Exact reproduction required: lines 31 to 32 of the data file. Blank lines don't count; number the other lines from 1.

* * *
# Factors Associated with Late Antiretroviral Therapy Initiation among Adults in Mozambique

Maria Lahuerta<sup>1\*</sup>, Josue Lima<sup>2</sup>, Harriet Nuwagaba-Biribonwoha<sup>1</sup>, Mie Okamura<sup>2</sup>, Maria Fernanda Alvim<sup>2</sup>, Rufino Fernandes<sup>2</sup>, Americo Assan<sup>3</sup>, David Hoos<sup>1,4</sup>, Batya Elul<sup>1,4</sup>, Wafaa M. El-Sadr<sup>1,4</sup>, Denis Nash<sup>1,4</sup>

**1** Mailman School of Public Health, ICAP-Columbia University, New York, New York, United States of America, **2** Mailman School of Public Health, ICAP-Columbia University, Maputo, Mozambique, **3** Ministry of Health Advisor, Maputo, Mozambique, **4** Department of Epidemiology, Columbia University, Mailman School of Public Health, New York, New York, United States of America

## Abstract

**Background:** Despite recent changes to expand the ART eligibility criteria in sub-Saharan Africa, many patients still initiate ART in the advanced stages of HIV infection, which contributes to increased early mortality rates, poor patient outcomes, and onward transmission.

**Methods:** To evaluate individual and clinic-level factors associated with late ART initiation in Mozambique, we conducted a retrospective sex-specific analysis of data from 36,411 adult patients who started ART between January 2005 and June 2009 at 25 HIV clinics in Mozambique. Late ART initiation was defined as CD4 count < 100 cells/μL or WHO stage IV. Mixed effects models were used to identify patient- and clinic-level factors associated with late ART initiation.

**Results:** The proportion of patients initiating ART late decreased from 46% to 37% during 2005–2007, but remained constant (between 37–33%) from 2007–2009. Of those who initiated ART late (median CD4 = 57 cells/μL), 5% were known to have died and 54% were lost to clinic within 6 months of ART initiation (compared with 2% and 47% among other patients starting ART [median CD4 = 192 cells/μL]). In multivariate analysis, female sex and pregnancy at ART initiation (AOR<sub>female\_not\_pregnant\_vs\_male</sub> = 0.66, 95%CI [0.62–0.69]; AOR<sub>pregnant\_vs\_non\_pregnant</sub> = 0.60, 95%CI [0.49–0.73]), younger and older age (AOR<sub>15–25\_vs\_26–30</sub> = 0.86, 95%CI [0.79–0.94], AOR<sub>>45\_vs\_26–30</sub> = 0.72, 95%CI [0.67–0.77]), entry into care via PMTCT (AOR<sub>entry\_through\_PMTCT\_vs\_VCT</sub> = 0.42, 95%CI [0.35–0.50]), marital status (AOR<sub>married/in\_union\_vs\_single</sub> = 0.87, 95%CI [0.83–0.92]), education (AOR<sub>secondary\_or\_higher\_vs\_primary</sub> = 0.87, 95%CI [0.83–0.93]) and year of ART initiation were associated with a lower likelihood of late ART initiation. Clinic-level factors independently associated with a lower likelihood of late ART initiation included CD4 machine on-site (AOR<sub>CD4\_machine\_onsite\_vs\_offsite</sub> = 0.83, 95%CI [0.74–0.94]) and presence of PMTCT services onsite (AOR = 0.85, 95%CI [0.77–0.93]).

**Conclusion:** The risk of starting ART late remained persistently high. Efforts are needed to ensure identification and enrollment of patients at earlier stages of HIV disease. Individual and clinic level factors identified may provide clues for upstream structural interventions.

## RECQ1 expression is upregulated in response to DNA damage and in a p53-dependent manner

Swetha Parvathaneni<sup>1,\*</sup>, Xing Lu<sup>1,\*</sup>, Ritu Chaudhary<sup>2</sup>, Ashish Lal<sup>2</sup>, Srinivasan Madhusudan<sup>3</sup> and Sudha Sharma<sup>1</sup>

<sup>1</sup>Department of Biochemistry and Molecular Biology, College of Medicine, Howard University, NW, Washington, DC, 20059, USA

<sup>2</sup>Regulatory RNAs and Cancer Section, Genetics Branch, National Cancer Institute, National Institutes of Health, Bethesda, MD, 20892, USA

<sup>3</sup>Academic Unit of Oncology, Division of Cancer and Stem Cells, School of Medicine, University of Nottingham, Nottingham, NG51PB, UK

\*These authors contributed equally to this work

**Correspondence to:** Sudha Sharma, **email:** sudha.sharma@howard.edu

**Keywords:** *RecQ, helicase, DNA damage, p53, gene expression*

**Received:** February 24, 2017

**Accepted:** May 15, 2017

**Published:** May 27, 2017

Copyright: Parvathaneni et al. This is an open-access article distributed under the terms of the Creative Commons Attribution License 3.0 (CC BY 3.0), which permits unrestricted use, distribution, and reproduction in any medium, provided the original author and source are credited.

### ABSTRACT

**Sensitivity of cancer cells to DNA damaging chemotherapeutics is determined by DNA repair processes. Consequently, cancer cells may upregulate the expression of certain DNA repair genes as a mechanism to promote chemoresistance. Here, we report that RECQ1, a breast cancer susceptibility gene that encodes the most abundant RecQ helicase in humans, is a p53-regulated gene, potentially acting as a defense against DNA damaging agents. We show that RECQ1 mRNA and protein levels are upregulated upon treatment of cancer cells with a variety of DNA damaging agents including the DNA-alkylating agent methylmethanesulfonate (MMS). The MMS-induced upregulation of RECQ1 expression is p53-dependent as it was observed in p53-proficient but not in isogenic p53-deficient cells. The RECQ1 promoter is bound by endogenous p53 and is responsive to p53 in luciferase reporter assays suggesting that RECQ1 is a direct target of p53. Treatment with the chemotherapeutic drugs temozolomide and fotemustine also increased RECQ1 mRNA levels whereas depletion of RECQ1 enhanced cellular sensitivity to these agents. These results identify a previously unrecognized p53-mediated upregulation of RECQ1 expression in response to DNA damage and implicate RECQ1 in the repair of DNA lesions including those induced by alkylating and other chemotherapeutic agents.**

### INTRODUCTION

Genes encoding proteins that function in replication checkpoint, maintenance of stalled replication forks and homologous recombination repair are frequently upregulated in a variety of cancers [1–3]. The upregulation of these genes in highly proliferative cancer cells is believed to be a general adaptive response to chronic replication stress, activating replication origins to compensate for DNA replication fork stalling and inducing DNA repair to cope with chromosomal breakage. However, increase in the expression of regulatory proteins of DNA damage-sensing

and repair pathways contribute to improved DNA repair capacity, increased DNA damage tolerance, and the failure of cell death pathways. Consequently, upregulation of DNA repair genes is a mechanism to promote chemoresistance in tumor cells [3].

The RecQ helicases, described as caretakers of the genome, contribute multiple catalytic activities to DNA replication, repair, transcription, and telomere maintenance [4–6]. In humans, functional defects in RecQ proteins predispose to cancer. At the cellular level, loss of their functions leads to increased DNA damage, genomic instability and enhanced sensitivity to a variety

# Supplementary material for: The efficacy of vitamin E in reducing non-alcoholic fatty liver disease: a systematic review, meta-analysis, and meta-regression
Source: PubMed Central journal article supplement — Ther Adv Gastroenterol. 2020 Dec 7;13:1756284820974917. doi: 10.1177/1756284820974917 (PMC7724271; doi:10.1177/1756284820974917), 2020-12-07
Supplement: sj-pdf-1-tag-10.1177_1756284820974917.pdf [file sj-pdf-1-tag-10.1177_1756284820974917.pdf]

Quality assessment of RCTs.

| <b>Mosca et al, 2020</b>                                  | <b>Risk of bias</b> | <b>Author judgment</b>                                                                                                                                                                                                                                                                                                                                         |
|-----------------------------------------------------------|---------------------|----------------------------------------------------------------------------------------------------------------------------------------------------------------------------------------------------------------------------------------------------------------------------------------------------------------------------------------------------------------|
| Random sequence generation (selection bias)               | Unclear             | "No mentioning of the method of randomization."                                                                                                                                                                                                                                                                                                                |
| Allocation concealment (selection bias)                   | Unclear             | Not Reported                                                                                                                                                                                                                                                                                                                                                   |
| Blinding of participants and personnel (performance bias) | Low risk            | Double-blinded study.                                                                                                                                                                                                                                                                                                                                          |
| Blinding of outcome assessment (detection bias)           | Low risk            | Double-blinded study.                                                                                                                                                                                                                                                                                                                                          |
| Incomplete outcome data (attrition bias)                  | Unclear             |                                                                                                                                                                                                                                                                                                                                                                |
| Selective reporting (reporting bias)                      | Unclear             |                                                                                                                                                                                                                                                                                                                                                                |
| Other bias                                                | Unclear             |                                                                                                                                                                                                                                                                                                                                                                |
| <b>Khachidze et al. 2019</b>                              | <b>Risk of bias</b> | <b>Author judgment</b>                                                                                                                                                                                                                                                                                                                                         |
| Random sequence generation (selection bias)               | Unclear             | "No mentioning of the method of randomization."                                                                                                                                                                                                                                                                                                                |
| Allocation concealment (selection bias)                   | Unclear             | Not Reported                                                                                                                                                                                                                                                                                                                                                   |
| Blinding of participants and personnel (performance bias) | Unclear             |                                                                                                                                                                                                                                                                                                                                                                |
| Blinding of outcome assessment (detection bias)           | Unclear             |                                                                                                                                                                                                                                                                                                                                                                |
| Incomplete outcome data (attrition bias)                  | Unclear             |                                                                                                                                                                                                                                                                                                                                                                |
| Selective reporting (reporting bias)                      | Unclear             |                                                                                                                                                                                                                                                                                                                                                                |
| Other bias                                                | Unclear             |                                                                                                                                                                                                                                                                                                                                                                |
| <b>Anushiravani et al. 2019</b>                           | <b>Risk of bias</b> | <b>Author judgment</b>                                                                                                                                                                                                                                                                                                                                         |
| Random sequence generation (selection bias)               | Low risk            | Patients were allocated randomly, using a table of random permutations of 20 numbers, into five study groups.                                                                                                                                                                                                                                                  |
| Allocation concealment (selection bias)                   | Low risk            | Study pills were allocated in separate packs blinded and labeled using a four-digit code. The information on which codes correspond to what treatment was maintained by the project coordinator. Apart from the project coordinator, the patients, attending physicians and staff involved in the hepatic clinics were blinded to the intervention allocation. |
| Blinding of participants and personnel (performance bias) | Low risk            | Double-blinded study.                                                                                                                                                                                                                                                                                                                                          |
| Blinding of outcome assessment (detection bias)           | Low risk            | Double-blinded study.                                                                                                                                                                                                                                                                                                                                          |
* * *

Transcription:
| <b>Mosca et al, 2020</b>                                  | <b>Risk of bias</b> | <b>Author judgment</b>                                                                                                                                                                                                                                                                                                                                         |
|-----------------------------------------------------------|---------------------|----------------------------------------------------------------------------------------------------------------------------------------------------------------------------------------------------------------------------------------------------------------------------------------------------------------------------------------------------------------|